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A man sat on a sofa looking down towards a notebook he's holding.
Simon Bullmore14/9/2023 15:08 AM2 min read

Ethics: a journey not a destination

Are you ethical?  Take a moment to think about that. 

For many of us, me included, the first response that comes to mind is “What do you mean by ethical?”. And in my opinion that’s the most appropriate and accurate answer, because ethics is not a clearly defined, universally agreed-upon standard. 

There is no checklist. There is no book of truth. There is just intent.

Better understanding ethics as a concept helps us understand why “Are you ethical?” is a tricky question to answer and a pointless one to ask.  Here’s how the BBC describes ethics:

"At its simplest, ethics is a system of moral principles. They affect how people make decisions and lead their lives. Ethics is concerned with what is good for individuals and society and is also described as moral philosophy. Ethics covers the following dilemmas:

  • how to live a good life
  • our rights and responsibilities
  • the language of right and wrong
  • moral decisions - what is good and bad"

That all makes sense, for sure. But it also shows that there's plenty of room for debate in each of those bullet points. What is a good life? What are our rights? What is the language of right? What is good?

Even if these questions are open to debate, they shouldn’t stop us from stepping out on our own ethical journeys.  For any of us interested in living a good life, one in which we take responsibility for our actions, speak well and do good, those first steps involve trying to understand what we believe to be important in each of those bullet points.. 

As one of the pillars of philosophy, ethics has been a topic of intense debate for thousands of years, a debate that shows no signs of being settled. This is why the starting point for anyone wanting to be ethical is to engage with the conversation, research the ideas and come up with our own answers.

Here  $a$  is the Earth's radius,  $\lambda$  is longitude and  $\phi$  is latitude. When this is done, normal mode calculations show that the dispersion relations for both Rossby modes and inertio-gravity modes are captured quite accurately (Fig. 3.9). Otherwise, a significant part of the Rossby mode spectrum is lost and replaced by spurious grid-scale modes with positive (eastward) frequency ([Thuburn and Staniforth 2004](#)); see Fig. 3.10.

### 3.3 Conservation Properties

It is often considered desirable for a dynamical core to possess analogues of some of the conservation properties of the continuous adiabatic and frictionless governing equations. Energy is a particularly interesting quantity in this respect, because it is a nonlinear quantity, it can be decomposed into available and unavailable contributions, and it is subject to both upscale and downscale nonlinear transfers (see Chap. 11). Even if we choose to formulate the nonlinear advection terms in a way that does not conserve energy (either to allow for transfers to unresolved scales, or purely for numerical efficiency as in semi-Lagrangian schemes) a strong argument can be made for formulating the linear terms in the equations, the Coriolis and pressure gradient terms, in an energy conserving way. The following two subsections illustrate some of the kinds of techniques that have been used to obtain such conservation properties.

That’s why I see ethics as a journey with a purpose rather than a destination. An orientation, an interest and a mindset. An intent rather than an impossible standard to attain.

In fact it’s impossible standards that get in the way of attempts to be ethical - in this case the perfect really is the enemy of the good. This chastening realisation - that even when we try to be ethical we’re not always going to succeed -  should encourage us. Not put us off trying. 

I know that some of the ideas and behaviours I display today may seem odd or even cringeworthy in years to come. But that’s ok. And that’s why my answer to the question “Are you ethical?” is “I’m trying”.  Trying to understand, trying to learn, trying to be better. And I believe that’s what we should each do right now.

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Simon Bullmore

Simon helps our clients develop effective growth strategies and data literacy programmes. With a background in business psychology, Simon has worked in data, business development and training for over 17 years. This includes leading the learning programme at the Tim Berners-Lee founded Open Data Institute, and the launch of Harvard Business School's first European office.